- Apr 12, 2001
Apple this week shared a support document with details about its new Security Keys for Apple ID feature, available starting with iOS 16.3, iPadOS 16.3, and macOS 13.2. The document provides an overview of the feature and explains how to use it.
Apple says the optional security feature is designed for individuals who want "extra protection from targeted attacks, such as phishing or social engineering scams." When it is enabled, signing into an Apple ID requires entering your account's password and then using a FIDO Certified security key to complete two-factor authentication, instead of a traditional six-digit verification code from another Apple device.
Those who enable the feature must be very careful not to lose their security keys, as this could result in losing access to your Apple ID account permanently. For this reason, you must set up at least two security keys, with up to six supported in total.
Apple recommends keeping security keys in more than one place. For example, you could hide a key somewhere at home as a backup solution.
"Keep your security keys in a safe place, and consider keeping a security key in more than one place," the document says. "For example, keep one key at home and one key at work. If you're traveling, you might want to leave one of your security keys at home."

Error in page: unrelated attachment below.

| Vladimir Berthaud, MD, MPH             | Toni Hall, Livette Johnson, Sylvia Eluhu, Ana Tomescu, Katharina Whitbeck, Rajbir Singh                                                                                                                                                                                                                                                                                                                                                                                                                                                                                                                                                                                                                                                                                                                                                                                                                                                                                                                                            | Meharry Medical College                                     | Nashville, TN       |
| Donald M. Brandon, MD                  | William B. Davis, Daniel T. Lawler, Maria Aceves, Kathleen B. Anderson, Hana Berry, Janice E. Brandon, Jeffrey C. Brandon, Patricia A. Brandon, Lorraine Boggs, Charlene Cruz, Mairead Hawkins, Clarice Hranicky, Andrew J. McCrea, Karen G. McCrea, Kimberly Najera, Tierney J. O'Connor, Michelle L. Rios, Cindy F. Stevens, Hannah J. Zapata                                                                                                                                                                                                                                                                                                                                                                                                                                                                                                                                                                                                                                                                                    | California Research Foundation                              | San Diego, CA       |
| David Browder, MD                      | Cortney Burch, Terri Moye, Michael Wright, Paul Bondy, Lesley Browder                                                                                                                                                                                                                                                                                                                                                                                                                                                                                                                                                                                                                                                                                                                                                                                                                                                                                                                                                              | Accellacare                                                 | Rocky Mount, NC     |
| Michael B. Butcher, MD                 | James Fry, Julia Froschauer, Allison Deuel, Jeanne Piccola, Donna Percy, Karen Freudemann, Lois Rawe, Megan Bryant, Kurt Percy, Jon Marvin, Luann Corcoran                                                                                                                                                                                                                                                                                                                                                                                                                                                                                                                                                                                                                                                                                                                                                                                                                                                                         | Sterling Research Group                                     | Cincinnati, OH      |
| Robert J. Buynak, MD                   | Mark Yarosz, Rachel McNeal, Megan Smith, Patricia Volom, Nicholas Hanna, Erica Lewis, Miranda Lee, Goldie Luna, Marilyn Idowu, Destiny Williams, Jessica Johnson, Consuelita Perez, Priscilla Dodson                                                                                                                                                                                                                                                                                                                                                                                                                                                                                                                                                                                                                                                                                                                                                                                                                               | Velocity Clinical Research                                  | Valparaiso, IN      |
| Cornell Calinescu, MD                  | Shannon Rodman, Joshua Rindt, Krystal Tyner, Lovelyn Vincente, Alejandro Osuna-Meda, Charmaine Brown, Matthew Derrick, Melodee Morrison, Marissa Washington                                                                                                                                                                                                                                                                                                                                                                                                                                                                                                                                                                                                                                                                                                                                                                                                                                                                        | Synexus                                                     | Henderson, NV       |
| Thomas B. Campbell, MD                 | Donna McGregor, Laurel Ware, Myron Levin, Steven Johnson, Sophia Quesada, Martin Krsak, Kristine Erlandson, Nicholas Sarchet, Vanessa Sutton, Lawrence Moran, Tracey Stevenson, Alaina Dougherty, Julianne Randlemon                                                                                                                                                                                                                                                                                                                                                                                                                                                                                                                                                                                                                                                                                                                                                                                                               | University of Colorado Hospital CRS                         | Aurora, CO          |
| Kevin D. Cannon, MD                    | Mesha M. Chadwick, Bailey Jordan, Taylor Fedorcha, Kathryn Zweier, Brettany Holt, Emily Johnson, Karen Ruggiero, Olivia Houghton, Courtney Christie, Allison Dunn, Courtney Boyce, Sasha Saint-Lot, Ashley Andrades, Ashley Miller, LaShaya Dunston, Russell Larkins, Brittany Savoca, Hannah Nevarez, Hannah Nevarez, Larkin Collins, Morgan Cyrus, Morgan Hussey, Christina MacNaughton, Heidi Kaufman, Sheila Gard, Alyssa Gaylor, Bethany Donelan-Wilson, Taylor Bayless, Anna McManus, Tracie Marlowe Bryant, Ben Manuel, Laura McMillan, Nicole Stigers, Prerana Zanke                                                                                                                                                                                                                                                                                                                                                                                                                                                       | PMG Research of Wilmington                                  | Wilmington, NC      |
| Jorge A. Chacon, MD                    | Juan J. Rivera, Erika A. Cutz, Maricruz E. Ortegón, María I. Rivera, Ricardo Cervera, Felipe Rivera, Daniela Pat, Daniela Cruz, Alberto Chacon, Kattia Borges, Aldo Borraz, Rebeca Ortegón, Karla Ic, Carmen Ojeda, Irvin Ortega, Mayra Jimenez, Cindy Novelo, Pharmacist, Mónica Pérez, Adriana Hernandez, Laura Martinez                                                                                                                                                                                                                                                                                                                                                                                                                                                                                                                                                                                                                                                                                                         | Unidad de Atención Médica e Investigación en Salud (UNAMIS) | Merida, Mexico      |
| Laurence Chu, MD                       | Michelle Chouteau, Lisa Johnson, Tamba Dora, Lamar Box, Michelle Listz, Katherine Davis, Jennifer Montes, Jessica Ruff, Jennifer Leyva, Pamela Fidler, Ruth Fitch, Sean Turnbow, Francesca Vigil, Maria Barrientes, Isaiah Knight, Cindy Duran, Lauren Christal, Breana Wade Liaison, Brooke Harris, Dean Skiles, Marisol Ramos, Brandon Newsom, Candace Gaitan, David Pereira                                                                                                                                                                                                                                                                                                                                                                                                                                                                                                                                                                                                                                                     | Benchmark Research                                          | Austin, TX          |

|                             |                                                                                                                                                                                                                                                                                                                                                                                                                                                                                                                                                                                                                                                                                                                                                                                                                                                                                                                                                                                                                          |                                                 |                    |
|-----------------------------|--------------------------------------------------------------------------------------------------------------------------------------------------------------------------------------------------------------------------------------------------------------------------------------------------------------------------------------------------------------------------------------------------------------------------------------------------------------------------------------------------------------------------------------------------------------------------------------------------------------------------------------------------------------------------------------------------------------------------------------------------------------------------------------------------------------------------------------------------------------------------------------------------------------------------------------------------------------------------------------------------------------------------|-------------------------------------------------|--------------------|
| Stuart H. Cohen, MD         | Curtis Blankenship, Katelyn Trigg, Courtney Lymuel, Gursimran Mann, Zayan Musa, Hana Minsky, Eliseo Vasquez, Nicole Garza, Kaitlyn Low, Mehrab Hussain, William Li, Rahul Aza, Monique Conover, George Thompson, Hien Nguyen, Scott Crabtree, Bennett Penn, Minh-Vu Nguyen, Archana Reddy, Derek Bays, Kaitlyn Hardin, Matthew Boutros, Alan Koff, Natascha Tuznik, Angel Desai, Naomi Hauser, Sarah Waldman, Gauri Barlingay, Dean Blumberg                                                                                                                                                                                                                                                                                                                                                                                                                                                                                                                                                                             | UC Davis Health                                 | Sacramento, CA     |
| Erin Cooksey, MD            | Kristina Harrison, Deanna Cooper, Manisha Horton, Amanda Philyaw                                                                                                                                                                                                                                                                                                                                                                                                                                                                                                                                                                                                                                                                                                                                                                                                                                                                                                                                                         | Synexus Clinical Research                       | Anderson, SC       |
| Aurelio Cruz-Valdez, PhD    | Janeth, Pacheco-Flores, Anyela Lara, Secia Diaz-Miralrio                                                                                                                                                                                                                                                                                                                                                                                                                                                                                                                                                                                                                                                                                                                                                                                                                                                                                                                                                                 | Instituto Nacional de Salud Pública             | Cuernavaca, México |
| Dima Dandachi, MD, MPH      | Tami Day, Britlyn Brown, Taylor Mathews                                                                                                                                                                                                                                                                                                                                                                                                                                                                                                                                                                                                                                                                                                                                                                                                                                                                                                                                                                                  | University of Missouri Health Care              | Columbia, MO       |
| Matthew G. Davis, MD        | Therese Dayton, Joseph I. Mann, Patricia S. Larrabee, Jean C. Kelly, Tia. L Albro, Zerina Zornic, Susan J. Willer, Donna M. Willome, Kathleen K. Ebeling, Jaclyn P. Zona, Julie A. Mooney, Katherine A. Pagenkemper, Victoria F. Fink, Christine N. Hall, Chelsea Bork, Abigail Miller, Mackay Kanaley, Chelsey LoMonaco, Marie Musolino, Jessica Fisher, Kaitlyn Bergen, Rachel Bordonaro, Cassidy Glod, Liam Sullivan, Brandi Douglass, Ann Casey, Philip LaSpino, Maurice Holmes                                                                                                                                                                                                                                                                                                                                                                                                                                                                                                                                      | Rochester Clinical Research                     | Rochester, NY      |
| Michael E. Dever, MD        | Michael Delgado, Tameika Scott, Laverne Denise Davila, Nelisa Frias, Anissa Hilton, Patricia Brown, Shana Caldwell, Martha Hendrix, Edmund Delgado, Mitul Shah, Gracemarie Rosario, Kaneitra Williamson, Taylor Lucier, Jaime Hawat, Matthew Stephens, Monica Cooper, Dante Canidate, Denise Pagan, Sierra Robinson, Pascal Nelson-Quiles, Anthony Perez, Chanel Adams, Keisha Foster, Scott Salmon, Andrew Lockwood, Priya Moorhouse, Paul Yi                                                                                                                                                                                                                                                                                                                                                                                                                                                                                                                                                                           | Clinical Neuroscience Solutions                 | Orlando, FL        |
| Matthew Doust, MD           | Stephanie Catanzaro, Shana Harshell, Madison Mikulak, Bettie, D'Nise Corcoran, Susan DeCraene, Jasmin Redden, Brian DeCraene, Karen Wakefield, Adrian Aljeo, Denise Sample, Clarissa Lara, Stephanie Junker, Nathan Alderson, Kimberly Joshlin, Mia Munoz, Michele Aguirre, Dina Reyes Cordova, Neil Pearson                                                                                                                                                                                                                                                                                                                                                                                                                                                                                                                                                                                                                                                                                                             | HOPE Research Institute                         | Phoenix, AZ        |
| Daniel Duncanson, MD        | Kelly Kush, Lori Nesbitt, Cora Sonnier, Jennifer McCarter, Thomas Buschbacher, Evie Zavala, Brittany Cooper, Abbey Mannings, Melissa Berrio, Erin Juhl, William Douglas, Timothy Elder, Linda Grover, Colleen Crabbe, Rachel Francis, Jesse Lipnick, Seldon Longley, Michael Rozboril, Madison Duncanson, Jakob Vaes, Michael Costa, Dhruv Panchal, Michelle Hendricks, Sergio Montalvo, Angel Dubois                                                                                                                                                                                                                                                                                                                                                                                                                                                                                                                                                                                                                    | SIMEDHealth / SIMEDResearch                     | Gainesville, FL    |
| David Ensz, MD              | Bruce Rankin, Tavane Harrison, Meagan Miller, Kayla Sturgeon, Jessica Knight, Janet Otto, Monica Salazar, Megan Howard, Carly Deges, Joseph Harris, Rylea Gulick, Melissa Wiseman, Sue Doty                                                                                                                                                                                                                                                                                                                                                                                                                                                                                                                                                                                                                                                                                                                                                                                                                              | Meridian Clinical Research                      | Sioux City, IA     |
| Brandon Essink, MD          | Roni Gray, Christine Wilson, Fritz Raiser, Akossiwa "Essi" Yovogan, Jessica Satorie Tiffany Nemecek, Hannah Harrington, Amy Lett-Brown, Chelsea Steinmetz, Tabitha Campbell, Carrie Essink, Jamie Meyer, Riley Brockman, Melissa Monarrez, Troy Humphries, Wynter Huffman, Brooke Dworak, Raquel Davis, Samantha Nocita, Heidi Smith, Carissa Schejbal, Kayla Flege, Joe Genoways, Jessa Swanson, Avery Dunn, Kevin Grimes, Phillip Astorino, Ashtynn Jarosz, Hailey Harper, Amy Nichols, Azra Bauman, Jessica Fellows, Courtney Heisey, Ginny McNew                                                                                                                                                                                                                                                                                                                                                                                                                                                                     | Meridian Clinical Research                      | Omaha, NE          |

To enable Security Keys for Apple ID on an iPhone or iPad, open the Settings app, tap your name, tap "Password & Security," select "Add Security Keys" and follow the on-screen instructions. On the Mac, open the System Settings app, click on your name, click "Password & Security," click "Add" next to "Security Keys," and follow the steps.
Security keys can be removed at any time by repeating the steps outlined above and tapping or clicking on "Remove All Security Keys," at which point your Apple ID reverts to using a six-digit verification code for two-factor authentication.
Many security keys look similar to a USB thumb drive, with some options available with NFC for wireless use and others equipped with Lightning, USB-C, and/or USB-A ports for direct connectivity with iPhones, iPads, and Macs. Apple recommends a few security keys in the document, such as the YubiKey 5Ci with both Lightning and USB-C.
Apple's document provides some other important details, so it is worth reviewing before enabling the feature. For example, you can't sign in to iCloud for Windows when the feature is enabled, and some types of Apple ID accounts are not supported.
Article Link: Apple Explains iOS 16.3's New Security Keys Feature